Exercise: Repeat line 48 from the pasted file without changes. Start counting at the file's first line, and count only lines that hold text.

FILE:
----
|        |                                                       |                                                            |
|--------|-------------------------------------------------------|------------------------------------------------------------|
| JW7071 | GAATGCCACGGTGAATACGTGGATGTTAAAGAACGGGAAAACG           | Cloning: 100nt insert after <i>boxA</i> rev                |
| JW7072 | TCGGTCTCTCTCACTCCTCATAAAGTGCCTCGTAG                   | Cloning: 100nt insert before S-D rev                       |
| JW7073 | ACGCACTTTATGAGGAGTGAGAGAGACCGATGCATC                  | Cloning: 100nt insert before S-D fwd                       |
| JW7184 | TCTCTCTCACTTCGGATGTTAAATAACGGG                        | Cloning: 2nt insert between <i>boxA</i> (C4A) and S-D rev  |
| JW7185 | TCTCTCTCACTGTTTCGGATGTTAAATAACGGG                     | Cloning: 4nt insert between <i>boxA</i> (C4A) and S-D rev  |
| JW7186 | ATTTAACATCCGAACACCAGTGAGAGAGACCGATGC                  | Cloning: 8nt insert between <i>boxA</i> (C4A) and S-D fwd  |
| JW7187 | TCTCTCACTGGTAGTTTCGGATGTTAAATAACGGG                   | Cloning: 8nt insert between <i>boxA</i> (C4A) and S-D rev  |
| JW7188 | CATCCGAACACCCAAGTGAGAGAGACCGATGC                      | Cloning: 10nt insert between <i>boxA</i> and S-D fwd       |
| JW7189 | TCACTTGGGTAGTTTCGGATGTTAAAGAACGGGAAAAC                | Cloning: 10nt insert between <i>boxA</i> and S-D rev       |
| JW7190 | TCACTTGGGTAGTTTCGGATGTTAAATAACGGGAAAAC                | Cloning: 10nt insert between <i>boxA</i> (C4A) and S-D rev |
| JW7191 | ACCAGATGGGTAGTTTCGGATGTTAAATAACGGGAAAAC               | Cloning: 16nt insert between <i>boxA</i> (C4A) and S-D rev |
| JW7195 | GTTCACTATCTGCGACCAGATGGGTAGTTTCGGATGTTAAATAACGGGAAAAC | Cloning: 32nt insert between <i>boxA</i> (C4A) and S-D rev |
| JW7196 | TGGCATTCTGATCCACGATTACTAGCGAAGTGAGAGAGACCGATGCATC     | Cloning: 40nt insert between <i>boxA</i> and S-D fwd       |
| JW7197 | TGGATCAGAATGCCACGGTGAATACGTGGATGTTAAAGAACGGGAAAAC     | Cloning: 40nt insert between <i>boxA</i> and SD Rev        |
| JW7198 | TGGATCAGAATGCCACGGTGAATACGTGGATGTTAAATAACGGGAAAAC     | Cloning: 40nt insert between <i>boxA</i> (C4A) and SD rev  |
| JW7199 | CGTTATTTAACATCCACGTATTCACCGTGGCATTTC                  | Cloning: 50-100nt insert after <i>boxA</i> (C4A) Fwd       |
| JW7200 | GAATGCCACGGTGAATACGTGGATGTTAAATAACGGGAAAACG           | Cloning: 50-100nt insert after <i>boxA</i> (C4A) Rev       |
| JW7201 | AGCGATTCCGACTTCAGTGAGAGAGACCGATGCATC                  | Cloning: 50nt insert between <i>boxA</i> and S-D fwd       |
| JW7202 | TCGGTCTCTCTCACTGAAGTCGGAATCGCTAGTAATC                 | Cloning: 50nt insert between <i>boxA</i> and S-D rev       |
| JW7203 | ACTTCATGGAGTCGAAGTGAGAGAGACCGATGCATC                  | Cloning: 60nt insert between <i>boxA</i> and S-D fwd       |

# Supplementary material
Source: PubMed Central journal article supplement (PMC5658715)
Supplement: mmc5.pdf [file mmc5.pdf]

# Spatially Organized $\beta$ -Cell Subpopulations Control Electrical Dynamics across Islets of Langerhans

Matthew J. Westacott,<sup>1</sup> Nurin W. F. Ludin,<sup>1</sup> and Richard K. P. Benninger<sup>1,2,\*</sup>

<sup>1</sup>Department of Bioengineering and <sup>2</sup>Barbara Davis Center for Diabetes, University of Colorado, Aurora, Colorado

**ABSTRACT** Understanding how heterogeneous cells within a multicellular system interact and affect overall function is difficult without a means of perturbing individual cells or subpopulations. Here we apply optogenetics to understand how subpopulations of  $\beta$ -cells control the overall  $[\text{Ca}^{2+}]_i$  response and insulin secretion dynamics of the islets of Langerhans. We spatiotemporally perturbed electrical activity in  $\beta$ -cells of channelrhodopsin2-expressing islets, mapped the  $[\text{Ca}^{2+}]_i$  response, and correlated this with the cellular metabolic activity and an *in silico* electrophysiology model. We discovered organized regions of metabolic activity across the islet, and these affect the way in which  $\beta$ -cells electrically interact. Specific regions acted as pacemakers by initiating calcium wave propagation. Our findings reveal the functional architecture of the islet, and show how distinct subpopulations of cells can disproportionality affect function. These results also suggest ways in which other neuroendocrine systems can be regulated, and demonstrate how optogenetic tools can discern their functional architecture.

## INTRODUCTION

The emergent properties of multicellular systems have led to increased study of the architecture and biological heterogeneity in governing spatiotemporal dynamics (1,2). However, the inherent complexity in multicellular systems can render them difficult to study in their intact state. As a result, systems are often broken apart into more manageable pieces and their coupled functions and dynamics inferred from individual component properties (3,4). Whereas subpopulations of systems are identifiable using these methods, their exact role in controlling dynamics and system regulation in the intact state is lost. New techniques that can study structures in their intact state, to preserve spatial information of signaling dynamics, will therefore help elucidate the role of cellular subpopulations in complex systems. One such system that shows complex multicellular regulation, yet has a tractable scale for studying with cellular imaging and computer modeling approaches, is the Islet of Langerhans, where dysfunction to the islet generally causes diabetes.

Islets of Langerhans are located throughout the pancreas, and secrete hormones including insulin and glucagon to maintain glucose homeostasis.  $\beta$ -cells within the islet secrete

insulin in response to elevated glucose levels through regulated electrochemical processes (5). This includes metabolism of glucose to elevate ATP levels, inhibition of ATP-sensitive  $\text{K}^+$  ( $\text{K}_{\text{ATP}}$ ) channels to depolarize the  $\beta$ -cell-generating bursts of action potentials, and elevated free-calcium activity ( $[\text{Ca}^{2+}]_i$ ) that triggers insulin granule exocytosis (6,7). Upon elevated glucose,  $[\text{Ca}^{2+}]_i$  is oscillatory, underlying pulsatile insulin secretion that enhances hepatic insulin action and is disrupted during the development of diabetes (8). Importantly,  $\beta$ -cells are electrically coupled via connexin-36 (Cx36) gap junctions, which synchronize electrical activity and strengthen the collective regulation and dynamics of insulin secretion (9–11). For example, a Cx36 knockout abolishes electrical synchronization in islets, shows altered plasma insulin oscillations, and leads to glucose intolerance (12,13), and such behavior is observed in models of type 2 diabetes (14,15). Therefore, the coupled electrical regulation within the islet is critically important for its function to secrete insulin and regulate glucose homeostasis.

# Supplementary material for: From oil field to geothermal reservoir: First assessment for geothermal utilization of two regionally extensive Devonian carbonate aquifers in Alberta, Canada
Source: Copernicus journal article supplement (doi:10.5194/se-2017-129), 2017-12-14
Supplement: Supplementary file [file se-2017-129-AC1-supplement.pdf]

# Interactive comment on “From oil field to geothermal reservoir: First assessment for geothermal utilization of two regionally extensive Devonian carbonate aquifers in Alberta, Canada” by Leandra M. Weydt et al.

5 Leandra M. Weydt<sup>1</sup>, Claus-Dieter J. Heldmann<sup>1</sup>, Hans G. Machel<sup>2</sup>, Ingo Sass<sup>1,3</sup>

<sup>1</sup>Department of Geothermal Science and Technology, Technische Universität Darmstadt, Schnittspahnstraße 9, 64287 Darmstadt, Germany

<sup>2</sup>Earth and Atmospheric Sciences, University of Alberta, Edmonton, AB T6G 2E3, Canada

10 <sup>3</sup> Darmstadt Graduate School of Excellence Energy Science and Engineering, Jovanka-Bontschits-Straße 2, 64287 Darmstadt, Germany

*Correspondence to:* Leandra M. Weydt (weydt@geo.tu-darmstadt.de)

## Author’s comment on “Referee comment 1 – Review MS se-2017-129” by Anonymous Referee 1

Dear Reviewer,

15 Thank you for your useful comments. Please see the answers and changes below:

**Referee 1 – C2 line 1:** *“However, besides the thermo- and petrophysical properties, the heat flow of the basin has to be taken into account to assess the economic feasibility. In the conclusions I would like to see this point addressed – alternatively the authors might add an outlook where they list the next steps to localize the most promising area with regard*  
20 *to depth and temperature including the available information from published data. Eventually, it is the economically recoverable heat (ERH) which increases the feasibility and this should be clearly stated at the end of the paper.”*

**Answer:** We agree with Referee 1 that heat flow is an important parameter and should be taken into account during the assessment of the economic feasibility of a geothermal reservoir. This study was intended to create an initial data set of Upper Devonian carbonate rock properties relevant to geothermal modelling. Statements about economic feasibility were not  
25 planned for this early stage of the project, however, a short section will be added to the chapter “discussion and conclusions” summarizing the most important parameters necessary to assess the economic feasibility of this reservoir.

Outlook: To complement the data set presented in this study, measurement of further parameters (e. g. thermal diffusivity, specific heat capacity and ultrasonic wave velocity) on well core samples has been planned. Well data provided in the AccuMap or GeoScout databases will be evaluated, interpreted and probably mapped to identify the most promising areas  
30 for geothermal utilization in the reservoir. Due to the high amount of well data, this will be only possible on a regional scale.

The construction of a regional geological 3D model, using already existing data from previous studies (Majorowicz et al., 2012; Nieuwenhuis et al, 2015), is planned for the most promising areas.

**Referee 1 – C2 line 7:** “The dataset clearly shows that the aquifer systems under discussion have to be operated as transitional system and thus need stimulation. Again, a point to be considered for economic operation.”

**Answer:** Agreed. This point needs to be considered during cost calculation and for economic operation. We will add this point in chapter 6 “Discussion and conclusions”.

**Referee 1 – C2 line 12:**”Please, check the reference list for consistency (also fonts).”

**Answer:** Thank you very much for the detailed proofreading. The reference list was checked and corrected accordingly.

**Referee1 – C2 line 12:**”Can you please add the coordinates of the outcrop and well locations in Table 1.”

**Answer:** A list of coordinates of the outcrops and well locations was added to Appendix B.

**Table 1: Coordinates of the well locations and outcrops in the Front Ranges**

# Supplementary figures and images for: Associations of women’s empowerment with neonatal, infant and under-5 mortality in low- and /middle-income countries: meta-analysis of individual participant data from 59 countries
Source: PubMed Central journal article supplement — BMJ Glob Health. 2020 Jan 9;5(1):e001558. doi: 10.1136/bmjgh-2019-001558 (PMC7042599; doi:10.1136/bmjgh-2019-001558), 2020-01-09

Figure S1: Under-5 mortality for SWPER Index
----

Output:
**Answer:** We agree with Referee 1 that heat flow is an important parameter and should be taken into account during the assessment of the economic feasibility of a geothermal reservoir. This study was intended to create an initial data set of Upper Devonian carbonate rock properties relevant to geothermal modelling. Statements about economic feasibility were not  